The leap from a 533 MHz to an 800 MHz FSB clock speed did wonders for the overall performance of Pentium 4 systems. After that development, high-end chipsets then saw launch that could accommodate two memory channels (dual channel) as well as DDR memory.
Memory producers, such as Buffalo and Corsair, then began to ante up by offering modules that accommodated up to 466 MHz speeds. Subsequently, more 500 MHz modules (PC4000 from Corsair, Kingston, and OCZ) became available. We then had the perfect excuse to set up a test system running at a tantalizing 1000 MHz clock speed.
The idea of "clean" FSB overclocking is far from new. "Clean" means the synchronous increase of FSB and main-memory clock speed. Even in the days of the Pentium II, mainboards existed that could operate at over 90 MHz, compared to the 66 MHz system speeds that were common at that time. Indeed, in percentage terms, the 25% to 50% speed raise was not significant.
It should not be forgotten, however, that the gulf between CPU speed and system speed has thus far been steadily increasing. To counter-affect this, the Pentium 4 bus is "quad-pumped," enabling it to transfer four times the amount of data per clock cycle. This means that with a FSB800 or 800 MHz system clock, an underlying clock speed of 200 MHz must be taken into account. This technology makes overclocking attempts all the more risky since there is simply no longer the scope for up to 50% faster clock speeds.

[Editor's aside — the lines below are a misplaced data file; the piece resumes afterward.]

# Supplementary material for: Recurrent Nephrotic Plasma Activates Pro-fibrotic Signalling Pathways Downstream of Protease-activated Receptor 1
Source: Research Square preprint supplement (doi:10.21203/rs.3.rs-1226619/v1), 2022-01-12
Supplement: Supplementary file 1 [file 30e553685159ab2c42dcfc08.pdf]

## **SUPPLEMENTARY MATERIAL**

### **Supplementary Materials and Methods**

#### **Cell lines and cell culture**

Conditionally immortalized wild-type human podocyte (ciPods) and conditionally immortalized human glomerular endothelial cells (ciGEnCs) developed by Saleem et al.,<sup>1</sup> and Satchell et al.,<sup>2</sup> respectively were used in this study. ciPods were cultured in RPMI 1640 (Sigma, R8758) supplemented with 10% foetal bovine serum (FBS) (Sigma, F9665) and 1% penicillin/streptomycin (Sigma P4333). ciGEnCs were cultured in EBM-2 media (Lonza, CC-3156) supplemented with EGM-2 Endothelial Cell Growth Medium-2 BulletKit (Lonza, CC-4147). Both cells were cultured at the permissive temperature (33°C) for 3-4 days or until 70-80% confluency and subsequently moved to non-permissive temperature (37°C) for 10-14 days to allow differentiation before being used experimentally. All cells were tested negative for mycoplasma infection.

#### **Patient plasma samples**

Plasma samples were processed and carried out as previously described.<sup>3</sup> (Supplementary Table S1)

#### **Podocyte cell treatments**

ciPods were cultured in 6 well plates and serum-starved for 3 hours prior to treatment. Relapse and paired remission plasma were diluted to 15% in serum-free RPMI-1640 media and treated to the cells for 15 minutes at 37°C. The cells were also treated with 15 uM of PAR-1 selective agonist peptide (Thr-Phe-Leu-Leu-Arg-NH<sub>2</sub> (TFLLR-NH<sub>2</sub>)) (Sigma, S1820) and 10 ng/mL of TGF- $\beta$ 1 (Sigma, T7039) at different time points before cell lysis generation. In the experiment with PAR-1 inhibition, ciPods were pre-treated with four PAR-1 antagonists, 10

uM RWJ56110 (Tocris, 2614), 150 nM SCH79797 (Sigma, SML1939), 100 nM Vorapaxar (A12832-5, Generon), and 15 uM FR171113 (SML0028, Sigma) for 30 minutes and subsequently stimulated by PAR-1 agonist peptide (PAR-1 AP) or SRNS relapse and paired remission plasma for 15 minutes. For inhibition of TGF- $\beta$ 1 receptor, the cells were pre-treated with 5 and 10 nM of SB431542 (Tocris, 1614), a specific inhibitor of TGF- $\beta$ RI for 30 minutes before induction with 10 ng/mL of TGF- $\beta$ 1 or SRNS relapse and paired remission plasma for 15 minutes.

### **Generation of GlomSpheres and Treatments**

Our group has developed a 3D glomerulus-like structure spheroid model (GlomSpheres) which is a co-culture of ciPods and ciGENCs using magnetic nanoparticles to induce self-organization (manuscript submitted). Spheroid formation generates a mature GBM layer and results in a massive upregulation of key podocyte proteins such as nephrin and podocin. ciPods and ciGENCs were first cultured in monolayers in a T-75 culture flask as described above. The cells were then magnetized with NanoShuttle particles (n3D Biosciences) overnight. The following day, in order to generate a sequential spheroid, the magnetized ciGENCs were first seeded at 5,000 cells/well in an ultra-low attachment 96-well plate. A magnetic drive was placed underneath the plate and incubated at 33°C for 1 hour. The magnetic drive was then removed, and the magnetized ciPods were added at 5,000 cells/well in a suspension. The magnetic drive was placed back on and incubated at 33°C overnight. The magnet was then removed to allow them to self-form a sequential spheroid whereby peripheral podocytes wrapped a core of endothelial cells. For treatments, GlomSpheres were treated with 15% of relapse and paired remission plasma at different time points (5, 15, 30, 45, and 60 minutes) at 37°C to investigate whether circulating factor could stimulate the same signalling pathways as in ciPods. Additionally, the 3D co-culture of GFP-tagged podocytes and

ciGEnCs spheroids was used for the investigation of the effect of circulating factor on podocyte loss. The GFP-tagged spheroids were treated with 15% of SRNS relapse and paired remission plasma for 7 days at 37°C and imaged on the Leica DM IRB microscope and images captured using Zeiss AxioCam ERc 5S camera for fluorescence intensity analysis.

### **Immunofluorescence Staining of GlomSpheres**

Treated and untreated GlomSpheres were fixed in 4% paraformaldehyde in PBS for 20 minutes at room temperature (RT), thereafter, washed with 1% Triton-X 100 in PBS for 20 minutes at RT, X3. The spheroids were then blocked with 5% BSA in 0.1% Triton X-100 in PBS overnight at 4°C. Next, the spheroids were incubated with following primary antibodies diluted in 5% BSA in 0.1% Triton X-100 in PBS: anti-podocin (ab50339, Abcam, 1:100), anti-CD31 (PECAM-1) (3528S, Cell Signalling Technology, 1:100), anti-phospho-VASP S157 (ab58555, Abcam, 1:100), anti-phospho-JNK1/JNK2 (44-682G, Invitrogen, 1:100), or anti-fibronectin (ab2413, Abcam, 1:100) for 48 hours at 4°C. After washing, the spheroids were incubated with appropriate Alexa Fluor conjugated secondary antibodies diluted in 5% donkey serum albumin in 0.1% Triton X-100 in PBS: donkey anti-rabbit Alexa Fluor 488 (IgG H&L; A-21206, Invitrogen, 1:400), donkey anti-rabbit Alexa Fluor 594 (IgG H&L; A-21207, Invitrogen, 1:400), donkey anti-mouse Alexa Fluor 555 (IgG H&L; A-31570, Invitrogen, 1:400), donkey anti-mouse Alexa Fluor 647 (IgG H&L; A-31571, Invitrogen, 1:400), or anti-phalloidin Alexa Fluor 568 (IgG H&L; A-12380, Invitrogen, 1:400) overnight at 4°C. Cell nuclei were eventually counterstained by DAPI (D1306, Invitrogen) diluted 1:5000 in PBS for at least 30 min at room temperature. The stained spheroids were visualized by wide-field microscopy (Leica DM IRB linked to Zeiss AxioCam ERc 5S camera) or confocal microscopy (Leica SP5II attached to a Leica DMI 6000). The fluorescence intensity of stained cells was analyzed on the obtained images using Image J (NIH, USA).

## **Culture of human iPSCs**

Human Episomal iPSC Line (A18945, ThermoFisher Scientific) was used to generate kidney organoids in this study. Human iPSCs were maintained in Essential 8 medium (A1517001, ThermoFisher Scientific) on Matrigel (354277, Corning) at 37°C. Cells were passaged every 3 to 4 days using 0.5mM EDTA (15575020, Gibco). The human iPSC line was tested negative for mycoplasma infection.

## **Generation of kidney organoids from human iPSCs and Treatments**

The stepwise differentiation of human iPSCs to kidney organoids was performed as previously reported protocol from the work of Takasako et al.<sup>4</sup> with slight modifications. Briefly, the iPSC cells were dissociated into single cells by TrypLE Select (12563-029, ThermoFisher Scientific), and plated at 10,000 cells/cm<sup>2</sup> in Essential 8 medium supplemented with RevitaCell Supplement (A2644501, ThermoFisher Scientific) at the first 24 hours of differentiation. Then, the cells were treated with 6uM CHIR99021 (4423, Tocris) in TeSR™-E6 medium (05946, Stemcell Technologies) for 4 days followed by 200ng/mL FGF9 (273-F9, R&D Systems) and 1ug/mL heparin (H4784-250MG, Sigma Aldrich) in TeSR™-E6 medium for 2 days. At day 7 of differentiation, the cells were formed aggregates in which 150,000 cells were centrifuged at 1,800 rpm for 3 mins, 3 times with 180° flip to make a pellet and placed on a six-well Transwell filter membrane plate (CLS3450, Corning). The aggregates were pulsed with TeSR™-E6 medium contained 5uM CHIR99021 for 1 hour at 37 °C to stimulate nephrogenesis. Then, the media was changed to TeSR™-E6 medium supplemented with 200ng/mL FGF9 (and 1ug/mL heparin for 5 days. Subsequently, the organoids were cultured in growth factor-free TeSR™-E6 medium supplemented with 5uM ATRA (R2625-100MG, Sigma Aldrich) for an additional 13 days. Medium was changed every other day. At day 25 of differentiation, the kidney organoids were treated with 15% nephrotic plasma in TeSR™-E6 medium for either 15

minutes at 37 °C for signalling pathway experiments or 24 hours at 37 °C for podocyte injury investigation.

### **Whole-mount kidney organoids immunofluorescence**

For a 1000 MHz FSB clock speed, 250 MHz serves as the underlying speed. This equates into an increase of 25%. We tested to see if the increased performance met the theoretical speed boost.
- Breaking The Sound Barrier: The Pentium 4 With A 1 GHz FSB And DDR500
- FSB Overclocking: Synchronous Only, Please!
- Kingston HyperX KHX4000K2
- OCZ Technology PC4000 Dual Channel Gold
- Test Setup
- Benchmark Results
- Xmpeg 4.5 & Divx 5.02
- Archiving: WinRAR 3.11
- SPECviewperf 7.1
- Sysmark 2002
- Conclusion: Speed Is King